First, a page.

The Idaho Transportation Department hopes to saves of both animals and humans, and money, with the installation of two new signs along two dangerous stretches of state highway 21.
The signs, results of a joint effort between ITD, the Idaho Department of Fish and Game (IDFG), the City of Boise, Ada and Boise Counties, and the Rocky Mountain Elk Foundation, were installed today at mileposts 10 and 21 on the highway which leads from Boise through mountainous terrain to Stanley.
The signs are designed to bring awareness to the hazardous driving conditions of the road and are the first step in planned improvements for the highway. The department estimates every year in that area there are approximately “75-100 collisions with mule deer, and 5-10 collisions with elk.”
The department hopes to reduce the amount of collisions, thereby potentially saving the people of Idaho hundreds of thousands of dollars each year. In a press release issued by the department yesterday, ITD highway engineer Greg Vitley estimated “wildlife/vehicle collisions on that stretch of roadway costs the public an estimated $750,000 to $1 million annually in insurance claims, deductibles, medical expenses, disability leave, lost wildlife resources and the lost man power and equipment resources caused by removal of the dead deer and elk by State of Idaho personnel.” Vitley also said that “it costs the public about $8,000 for each deer/vehicle collision and $18,500 for each elk/vehicle collision”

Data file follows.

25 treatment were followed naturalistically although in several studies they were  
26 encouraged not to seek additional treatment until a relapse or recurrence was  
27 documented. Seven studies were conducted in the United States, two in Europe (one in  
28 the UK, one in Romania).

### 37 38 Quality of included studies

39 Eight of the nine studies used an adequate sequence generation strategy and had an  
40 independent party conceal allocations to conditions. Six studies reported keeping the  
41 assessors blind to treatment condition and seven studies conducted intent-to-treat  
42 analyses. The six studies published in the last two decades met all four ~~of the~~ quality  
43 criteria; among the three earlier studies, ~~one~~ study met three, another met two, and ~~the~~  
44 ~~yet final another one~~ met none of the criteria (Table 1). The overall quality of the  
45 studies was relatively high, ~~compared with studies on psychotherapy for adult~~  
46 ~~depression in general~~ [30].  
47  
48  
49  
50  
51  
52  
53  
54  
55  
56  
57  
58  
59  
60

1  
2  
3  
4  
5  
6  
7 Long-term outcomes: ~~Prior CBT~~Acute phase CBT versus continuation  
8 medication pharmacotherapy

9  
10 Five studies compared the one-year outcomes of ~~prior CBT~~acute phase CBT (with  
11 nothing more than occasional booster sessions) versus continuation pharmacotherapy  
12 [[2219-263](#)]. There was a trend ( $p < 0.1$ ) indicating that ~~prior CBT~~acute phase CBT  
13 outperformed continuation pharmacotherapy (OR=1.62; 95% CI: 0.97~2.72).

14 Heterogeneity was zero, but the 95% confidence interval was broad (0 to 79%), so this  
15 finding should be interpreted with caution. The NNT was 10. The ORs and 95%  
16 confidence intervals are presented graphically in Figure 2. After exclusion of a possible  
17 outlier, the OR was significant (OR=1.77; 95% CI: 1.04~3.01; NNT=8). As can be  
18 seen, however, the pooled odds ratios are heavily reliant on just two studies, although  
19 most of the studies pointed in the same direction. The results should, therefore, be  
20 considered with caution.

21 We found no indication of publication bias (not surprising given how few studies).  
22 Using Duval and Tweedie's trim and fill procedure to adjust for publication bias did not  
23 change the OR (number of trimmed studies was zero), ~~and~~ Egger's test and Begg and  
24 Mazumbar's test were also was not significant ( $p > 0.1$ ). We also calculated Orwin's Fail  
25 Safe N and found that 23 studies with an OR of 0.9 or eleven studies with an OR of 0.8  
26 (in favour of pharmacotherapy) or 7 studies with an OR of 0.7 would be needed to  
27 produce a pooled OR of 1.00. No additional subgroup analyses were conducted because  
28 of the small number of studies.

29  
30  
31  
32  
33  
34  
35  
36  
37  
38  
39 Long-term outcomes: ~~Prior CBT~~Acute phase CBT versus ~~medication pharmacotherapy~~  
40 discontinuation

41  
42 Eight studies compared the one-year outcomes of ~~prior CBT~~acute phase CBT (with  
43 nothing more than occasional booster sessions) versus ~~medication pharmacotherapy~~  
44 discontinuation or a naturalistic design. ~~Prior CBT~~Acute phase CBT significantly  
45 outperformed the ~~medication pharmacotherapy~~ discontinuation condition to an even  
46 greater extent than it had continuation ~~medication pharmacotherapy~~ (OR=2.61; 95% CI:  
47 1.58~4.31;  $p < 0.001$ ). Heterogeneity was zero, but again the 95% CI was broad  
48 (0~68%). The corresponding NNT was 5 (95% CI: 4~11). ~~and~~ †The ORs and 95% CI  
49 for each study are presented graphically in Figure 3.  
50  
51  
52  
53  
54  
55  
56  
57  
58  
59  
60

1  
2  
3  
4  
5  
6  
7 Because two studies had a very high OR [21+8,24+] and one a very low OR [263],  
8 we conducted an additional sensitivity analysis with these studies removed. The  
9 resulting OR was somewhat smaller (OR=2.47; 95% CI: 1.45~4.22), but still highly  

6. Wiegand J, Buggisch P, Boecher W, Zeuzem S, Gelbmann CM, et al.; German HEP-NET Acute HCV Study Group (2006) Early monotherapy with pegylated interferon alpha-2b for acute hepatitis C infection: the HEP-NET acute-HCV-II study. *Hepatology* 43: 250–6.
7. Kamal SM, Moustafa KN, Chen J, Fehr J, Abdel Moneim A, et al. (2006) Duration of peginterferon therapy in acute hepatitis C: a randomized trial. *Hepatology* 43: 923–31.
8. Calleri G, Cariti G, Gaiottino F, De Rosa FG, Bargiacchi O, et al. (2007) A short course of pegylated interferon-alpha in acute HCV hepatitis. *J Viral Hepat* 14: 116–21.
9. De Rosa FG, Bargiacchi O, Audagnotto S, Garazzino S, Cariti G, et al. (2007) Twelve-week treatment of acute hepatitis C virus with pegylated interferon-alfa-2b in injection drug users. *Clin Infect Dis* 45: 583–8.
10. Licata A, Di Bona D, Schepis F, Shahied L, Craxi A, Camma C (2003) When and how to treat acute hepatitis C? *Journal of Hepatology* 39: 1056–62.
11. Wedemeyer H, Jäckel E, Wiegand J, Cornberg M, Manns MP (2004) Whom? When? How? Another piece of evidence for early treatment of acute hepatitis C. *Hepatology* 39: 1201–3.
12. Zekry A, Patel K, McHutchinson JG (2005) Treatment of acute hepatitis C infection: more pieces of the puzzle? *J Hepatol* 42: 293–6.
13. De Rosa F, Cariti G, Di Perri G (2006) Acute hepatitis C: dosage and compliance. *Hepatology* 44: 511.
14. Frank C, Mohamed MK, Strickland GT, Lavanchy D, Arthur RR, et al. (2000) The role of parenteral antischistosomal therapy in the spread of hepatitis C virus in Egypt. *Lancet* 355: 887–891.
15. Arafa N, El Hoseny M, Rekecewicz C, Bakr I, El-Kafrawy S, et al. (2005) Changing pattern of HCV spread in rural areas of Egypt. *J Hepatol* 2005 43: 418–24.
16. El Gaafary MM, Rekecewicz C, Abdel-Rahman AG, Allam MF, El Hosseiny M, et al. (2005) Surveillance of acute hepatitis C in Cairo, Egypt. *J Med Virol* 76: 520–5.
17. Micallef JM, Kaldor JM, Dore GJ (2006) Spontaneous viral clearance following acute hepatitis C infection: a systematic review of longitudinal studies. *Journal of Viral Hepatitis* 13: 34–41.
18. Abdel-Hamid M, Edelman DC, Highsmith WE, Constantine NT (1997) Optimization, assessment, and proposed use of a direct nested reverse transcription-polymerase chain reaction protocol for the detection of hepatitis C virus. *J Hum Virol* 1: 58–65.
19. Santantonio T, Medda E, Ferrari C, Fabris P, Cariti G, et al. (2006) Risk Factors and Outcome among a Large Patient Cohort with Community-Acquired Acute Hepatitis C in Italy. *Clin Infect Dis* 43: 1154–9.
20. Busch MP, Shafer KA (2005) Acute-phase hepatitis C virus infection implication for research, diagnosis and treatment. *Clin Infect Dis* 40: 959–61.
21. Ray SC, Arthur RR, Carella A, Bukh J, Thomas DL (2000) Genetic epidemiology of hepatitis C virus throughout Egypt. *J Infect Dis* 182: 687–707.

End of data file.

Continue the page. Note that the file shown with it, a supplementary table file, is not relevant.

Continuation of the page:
The total cost for the two signs is $1388. The Department of Fish and Game is paying the bulk of the money, $1088, for the manufacture of the signs, while ITD is paying the rest, $300, for the installation.
The signs are being dubbed “tally signs” by the department as they will have a space for interchangeable numbers on each sign. In an interview with IdahoReporter.com, ITD Public Information Specialist June Sparks said the tallies will be for dead carcasses removed from the road by Idaho Fish and Game employees, not those deer or elk which die in the wilderness after being struck by a vehicle. She also confirmed the tally number is for animal deaths only.
An underground passage way for wildlife to use to cross under the highway is also in works for the late spring, reports the department. The project will include the passage way and fencing which will guide wildlife into the tunnel. The project is expected to cost $550,000, which is reportedly drawn from the same coalition of groups working together on the signs, as well as federal stimulus dollars. The department is planning the project for milepost 18.2, an area which studies have found to be a common crossing area for wildlife.